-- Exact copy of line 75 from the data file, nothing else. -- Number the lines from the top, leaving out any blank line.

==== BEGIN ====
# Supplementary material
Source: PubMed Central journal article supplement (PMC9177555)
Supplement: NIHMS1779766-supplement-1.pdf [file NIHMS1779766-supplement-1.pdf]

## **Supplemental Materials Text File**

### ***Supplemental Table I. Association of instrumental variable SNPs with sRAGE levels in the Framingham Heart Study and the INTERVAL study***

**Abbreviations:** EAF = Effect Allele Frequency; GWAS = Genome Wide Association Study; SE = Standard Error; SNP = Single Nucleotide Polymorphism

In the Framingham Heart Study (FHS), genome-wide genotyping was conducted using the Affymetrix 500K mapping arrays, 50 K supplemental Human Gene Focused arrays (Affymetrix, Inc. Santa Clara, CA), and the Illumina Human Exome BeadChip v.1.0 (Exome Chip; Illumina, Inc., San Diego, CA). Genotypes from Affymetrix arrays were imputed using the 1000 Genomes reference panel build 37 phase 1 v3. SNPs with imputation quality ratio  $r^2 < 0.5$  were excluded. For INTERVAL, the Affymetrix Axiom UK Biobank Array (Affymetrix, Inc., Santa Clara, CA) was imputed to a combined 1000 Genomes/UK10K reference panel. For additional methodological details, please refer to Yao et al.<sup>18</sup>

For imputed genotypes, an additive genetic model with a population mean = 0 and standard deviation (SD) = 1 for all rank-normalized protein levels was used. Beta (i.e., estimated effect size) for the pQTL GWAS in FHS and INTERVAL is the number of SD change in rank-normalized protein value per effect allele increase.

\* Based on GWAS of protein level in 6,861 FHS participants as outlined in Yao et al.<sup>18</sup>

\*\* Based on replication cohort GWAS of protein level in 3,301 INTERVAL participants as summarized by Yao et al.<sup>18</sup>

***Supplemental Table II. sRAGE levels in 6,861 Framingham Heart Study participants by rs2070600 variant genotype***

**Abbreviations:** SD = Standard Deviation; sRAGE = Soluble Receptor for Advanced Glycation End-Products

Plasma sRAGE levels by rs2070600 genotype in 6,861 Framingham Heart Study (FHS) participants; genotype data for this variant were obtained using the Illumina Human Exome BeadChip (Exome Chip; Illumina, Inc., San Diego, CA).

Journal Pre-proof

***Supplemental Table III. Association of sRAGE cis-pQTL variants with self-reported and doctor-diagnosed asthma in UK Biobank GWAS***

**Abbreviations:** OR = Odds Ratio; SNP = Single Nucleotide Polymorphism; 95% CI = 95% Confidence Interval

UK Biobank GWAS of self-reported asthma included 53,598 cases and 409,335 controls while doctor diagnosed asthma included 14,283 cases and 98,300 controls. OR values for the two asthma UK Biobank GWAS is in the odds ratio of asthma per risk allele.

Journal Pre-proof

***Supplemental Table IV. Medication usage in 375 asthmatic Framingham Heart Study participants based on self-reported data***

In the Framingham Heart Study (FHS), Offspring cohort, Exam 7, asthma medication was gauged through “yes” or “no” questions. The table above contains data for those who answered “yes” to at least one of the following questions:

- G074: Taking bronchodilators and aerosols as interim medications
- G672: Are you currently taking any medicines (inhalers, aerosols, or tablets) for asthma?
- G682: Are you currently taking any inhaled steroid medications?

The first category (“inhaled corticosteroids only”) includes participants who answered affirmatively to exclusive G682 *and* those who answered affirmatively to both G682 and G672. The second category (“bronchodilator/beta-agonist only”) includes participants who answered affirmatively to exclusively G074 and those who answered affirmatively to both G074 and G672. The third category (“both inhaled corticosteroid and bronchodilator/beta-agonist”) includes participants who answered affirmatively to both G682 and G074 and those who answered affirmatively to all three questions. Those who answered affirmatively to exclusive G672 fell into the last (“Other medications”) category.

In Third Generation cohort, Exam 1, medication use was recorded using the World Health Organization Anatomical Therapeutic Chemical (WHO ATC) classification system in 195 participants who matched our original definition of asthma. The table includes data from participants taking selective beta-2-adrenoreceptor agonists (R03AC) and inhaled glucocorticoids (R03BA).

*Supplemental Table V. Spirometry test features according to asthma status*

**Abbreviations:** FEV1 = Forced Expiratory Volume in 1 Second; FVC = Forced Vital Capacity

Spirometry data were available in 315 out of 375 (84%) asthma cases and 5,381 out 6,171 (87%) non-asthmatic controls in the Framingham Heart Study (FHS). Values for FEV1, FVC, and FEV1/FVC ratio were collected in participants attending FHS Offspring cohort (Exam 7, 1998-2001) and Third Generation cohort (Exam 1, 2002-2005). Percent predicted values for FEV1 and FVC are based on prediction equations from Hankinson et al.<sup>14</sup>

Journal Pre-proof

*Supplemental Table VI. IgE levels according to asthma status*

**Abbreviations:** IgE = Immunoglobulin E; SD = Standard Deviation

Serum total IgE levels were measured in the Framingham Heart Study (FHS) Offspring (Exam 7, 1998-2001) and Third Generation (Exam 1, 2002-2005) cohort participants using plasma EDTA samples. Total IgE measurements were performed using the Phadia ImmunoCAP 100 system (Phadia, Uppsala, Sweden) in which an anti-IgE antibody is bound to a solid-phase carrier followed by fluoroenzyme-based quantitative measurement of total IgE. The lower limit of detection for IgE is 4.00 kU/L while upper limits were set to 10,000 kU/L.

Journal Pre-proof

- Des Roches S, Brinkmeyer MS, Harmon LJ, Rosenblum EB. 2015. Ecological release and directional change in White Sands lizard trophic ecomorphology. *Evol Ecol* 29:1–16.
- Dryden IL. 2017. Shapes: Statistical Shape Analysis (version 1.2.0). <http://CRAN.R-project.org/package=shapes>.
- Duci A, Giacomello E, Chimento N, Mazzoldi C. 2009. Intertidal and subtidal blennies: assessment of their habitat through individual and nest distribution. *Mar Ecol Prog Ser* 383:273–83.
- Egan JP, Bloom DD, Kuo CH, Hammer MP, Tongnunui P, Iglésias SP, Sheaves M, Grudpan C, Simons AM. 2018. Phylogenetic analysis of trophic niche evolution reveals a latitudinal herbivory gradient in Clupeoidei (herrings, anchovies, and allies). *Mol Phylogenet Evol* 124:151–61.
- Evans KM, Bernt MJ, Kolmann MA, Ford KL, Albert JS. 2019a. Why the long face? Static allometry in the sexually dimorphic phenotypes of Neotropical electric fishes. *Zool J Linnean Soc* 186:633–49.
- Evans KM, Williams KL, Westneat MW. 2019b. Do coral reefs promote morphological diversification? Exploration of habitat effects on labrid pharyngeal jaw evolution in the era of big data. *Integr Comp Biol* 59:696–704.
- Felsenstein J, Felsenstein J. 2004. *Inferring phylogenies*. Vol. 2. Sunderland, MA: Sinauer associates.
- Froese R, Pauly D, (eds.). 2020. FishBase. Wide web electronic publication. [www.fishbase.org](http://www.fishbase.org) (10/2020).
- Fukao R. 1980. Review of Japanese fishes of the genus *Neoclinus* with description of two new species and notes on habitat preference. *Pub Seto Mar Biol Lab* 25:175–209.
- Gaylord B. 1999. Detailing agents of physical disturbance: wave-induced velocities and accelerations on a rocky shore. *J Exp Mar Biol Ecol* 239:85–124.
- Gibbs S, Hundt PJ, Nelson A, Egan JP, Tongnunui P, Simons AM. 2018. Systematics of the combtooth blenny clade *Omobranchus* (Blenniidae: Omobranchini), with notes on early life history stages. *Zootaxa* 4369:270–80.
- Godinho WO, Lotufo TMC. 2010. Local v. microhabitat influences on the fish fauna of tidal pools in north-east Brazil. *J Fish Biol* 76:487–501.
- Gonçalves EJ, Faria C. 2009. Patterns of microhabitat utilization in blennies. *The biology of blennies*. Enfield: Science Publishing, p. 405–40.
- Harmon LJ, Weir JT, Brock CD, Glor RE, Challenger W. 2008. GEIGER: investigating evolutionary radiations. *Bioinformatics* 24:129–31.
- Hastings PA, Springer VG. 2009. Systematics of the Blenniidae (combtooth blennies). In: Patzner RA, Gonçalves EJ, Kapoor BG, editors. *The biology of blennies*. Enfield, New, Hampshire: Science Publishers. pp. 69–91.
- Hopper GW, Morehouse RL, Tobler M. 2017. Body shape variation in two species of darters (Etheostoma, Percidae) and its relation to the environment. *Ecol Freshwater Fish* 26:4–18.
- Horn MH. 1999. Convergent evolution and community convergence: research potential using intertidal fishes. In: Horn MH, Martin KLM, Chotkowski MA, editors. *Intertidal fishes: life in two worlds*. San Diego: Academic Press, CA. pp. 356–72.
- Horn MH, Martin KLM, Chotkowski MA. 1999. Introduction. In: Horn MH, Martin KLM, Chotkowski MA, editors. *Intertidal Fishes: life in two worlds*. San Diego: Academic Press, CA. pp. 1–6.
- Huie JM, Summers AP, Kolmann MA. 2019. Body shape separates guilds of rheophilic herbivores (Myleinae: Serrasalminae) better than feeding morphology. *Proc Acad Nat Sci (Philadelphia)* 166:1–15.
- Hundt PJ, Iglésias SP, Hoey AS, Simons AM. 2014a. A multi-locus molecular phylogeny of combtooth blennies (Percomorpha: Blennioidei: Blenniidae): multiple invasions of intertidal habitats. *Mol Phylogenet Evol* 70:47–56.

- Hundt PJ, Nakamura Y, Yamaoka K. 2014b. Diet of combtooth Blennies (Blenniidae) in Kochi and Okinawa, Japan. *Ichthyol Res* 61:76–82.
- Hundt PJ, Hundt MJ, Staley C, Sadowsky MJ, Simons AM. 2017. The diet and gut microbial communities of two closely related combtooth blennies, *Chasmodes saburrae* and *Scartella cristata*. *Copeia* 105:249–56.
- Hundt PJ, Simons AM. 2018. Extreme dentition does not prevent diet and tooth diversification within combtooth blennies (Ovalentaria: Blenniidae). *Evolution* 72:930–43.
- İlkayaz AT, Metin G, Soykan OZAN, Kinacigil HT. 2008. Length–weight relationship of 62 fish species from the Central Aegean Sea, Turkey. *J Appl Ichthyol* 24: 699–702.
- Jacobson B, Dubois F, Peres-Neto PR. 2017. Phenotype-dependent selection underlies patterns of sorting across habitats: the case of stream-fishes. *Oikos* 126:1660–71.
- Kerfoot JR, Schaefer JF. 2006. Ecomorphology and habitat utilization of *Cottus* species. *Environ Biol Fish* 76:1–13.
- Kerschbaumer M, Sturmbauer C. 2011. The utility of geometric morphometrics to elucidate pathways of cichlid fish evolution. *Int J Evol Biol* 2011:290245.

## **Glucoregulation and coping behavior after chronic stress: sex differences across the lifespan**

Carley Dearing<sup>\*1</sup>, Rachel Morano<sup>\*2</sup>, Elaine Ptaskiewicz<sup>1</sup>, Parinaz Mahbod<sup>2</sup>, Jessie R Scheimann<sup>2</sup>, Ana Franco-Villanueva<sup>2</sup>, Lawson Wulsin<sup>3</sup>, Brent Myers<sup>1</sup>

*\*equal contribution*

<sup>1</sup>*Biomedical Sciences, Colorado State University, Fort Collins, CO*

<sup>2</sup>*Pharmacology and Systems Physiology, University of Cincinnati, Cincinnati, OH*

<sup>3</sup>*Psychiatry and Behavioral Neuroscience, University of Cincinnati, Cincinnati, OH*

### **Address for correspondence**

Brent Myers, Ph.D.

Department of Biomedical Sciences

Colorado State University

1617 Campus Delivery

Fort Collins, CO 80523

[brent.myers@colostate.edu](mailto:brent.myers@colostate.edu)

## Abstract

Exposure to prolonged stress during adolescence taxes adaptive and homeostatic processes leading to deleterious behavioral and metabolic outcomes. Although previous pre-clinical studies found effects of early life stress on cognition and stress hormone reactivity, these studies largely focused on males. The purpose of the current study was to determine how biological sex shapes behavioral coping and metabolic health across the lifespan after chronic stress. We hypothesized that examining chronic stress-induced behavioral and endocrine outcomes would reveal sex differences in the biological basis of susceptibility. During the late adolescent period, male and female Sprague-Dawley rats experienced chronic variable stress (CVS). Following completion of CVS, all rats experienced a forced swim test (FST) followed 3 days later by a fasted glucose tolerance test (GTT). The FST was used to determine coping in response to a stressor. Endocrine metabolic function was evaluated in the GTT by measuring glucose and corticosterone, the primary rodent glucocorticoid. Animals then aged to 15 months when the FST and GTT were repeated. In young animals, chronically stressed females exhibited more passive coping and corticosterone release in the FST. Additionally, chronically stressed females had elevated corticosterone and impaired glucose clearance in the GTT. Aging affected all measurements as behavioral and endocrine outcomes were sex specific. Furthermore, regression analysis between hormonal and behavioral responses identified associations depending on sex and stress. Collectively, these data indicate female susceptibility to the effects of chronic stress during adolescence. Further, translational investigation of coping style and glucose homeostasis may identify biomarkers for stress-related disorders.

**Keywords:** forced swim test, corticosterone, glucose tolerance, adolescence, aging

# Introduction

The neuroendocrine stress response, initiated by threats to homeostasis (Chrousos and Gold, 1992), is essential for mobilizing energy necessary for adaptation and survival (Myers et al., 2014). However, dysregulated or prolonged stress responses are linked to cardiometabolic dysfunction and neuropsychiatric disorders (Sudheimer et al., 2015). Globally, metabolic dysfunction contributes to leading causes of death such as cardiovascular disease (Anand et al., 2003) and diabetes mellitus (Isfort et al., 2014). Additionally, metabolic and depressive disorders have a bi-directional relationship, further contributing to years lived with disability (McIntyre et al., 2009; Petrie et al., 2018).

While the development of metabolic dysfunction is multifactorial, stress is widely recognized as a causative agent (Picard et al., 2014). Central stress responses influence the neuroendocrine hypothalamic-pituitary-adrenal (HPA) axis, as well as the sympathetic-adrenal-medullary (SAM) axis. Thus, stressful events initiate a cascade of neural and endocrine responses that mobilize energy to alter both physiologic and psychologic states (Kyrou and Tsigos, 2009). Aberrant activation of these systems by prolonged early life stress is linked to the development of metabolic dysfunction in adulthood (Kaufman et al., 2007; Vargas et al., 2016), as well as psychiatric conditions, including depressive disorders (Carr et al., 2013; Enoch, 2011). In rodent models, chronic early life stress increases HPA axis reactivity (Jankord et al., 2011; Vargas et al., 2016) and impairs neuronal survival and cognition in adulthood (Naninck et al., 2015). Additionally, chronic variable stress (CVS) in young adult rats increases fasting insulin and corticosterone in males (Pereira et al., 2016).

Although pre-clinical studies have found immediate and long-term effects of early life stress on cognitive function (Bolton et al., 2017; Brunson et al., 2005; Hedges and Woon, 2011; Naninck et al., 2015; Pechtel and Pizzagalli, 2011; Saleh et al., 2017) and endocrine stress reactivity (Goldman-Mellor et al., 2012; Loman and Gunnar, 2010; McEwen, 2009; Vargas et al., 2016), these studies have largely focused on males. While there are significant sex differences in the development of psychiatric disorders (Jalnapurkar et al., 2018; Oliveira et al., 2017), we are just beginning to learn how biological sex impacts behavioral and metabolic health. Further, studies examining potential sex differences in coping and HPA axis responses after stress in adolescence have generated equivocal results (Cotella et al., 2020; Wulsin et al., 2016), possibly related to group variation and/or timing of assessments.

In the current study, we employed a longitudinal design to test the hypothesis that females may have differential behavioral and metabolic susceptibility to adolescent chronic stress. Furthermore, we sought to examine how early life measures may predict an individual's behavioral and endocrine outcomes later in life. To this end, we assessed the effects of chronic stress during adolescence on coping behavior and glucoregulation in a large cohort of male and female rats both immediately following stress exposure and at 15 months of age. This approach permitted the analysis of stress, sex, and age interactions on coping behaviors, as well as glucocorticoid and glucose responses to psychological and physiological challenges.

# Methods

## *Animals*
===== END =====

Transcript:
Exposure to prolonged stress during adolescence taxes adaptive and homeostatic processes leading to deleterious behavioral and metabolic outcomes. Although previous pre-clinical studies found effects of early life stress on cognition and stress hormone reactivity, these studies largely focused on males. The purpose of the current study was to determine how biological sex shapes behavioral coping and metabolic health across the lifespan after chronic stress. We hypothesized that examining chronic stress-induced behavioral and endocrine outcomes would reveal sex differences in the biological basis of susceptibility. During the late adolescent period, male and female Sprague-Dawley rats experienced chronic variable stress (CVS). Following completion of CVS, all rats experienced a forced swim test (FST) followed 3 days later by a fasted glucose tolerance test (GTT). The FST was used to determine coping in response to a stressor. Endocrine metabolic function was evaluated in the GTT by measuring glucose and corticosterone, the primary rodent glucocorticoid. Animals then aged to 15 months when the FST and GTT were repeated. In young animals, chronically stressed females exhibited more passive coping and corticosterone release in the FST. Additionally, chronically stressed females had elevated corticosterone and impaired glucose clearance in the GTT. Aging affected all measurements as behavioral and endocrine outcomes were sex specific. Furthermore, regression analysis between hormonal and behavioral responses identified associations depending on sex and stress. Collectively, these data indicate female susceptibility to the effects of chronic stress during adolescence. Further, translational investigation of coping style and glucose homeostasis may identify biomarkers for stress-related disorders.